Sivrihisar, called Justianapolis in Roman times, is an Anatolian city near the motorway from Eskişehir to Ankara at the junction to Afyonkarahisar and on to Izmir.
Since a regional reform in 2014 and the appointment of Eskişehir to Büyükşehir Belediyesi, the city of Sivrihisar is identical in terms of area and population to the district of the same name and is becoming increasingly important thanks to its modern transport connections.
The ruins of the Armenian Holy Trinity Church (Kızıl Kilise) are located at the foot of the Dindymos Mountain, which towers over the city. It was continuously restored until 2015 and has been empty since then. In the city there are other houses of the medieval, traditional construction, but in different state of preservation. The Ulu Camii mosque from the 13th century and the Alemşah mausoleum are considered special sights.
Does the fool Nasredding Hodja come from Sivrihisar?
The nearby village of Hortu is said to be the birthplace of the wise fool Nasreddin Hoca. Hodscha Nasreddin is the name of the most prominent protagonist of humorous prosaic stories in the entire Turkish-Islamic influenced area from the Balkans to the Turkic peoples of Central Asia. However, its historical existence is not certain; it is assumed that he was born in the 13th / 14th century. Others say, he lived in Akşehir in southwestern Anatolia in the 17th century.
A mausoleum with his name that is located there, speaks for the southwestern Anatolian Akşehir as the place of his work.
The first anecdotes about Nasreddin Hoca in Turkish-language sources can be found in the notes of Ebülhayri Rumi and Lamiî Çelebi (d. 1531). In the popular tradition, however, the view that goes back to the Ottoman traveler Evliya Çelebi has established itself. Evliya Çelebi had written about his trip to the presumed tomb Nasreddin Hocas in Akşehir in the 17th century and gives an anecdote in which Nasreddin Hoca appears with Timur. Attempts to historicize the person Nasreddin, however, are considered speculative. On historical foundation deeds (Vakfiye) from the years 1257 and 1266 there is a reference to a person named Nasreddīn Ḫoca, who had to appear before the Qādī. It remains unclear whether they are the same person.
Before the widespread use of printed books, transmission was mainly oral, a tradition that has survived to this day in Turkey, among others. Hoca Nasreddin festivals take place here regularly, in which his jokes are staged. Sometimes Nasreddin played the role of a sly person in his jokes, sometimes that of a stupid person. Due to the wide geographical distribution and the long time tradition, Nasreddin was repeatedly ascribed new stories. So it was inevitable that the jokes ascribed to him were a colorful mixture of folk wisdom, cunning, but also crude or suggestive content. Some of his jokes were interpreted allegorically in dervish circles.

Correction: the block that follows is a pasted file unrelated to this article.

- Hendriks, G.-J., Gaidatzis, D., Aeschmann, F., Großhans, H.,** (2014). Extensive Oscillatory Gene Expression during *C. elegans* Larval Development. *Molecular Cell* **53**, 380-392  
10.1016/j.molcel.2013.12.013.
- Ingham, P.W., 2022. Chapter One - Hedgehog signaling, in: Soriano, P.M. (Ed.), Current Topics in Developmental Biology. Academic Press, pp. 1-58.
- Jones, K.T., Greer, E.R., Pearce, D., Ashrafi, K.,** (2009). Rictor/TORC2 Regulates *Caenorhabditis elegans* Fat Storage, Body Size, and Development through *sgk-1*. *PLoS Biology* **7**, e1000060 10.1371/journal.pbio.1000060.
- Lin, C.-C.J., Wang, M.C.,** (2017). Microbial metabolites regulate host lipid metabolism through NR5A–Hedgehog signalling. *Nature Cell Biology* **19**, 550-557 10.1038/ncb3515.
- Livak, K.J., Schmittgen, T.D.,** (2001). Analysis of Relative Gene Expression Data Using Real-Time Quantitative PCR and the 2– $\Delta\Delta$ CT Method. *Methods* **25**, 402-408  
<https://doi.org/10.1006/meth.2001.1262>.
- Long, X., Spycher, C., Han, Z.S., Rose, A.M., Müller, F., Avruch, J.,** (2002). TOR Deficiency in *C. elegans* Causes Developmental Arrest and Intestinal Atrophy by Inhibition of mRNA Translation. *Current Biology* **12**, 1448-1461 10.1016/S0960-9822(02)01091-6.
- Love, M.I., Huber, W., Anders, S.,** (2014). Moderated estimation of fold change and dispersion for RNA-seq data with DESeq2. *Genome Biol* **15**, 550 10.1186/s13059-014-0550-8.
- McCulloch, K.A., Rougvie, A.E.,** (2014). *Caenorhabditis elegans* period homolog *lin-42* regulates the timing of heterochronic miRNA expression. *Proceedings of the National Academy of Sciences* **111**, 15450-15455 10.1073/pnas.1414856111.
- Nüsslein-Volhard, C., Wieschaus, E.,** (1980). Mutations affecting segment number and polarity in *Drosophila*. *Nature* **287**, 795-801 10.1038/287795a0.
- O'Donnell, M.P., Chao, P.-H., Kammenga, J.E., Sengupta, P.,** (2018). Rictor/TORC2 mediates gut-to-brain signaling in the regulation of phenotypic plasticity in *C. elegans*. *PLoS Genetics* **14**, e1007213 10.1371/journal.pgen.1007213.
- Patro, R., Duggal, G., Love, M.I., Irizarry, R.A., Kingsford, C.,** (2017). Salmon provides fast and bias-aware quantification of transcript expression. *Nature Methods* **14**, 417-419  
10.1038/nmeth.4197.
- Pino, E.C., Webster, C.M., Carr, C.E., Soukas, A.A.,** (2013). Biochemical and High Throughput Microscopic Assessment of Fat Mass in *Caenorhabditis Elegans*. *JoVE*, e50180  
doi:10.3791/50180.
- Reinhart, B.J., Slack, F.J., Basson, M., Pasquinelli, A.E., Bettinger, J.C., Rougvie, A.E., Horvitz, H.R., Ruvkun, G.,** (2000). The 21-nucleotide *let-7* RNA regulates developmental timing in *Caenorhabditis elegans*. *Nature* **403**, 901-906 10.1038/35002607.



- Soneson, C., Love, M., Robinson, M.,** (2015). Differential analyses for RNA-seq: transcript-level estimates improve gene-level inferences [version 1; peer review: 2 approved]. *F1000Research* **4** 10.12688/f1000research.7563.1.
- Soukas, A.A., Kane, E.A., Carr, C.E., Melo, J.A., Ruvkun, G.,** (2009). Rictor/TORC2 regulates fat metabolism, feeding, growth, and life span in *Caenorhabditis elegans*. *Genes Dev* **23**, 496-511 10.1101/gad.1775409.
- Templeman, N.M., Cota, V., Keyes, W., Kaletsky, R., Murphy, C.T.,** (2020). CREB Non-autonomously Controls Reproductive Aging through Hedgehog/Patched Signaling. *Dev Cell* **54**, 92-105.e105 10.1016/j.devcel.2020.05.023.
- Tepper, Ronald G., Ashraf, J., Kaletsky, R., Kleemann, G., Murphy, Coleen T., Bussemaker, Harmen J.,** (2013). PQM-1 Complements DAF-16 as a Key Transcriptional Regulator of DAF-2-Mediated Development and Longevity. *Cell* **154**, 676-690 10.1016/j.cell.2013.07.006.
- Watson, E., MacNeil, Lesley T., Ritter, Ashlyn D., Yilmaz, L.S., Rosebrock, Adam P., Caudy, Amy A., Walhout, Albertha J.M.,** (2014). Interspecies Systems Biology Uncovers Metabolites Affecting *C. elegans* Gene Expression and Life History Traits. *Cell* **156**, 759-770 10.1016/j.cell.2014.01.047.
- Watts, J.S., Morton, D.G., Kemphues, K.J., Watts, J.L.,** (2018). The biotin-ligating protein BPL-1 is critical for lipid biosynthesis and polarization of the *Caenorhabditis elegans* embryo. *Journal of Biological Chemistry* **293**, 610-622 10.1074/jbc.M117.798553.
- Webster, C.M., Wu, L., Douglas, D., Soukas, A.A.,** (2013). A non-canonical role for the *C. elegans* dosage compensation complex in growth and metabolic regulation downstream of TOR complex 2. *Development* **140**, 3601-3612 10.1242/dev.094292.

All sorts of witty, humorous or fluctuating stories were subsequently ascribed to him (such as that of Juha). In many stories he simply plays a joke like Klein Fritzchen, in others a kind of Till Eulenspiegel, although there are certainly similarities in the stories about Eulenspiegel (see, for example, The Sound of Money, which is comparable to Till Eulenspiegel or Grimm's fairy tales). From Italy to India he is known in many Islamic but also Christian regions and local events are attributed to him in many places. Nasraddin or Nostradin is claimed by most of the peoples of the regions mentioned above, but his ethnicity remains unknown.
Ancient city of Pessinus in the immediate vicinity
From the exit of Sivrihisar, today Ballıhisar, the archaeological city of Pessinus is about 14 km away. The archaeologist and historian John Garstang wants to equate it with the Hittite Šallapu. Pessinus is considered to be the place of origin of the Anatolian Cybele cult, which was able to spread from here. In the sanctuary there was a black meteorite, which was transported to Rome 205/4 BC. According to legend, the first temple of King Midas was built here (8th century BC). Remains of the later Hellenistic temple with large viewing stairs have been preserved. Belgian excavations have been taking place there since 1967.
The black contours of the holy mountain Dindymos are particularly impressive. Pliny the Elder gives a brief and equally vague description of the region: The center of the heartland was the mountain Tmolos, on which the capital of Sardis was, the Gygische See (today Marmara Gölü) and the surrounding fertile plain along the Hermos. Ancient Lydia bordered Caria to the south, Phrygia to the east, Mysia to the north, and extended beyond Ionia to the west. If one disregards the western border with Ionia, the description of Pliny is considered correct. Specifically, there were no clear border lines, but border zones.
The border zone in the south can be considered secure: Lydians and Karians alike settled in the Meander Valley. In the northeast, between Lydia, Mysia and Phrygia, was Mount Dindymos. The border zone between Lydia and Phrygia will probably have run along the rivers between Dindymos and Meander, the border zone between Lydia and Mysia probably along the Murat Dağı range; how far is unclear. The border between Ionia and Lydia is completely unclear, but the Sipylos seems to have been a border point. Zgusta, on the other hand, largely counts the coastal area as Lydia instead of Ionia; However, he is also interested in the cultural origins of places and less in the political and legal situation.
In the village of Ballıhisar you can find a small, quite interesting museum on contemporary history.
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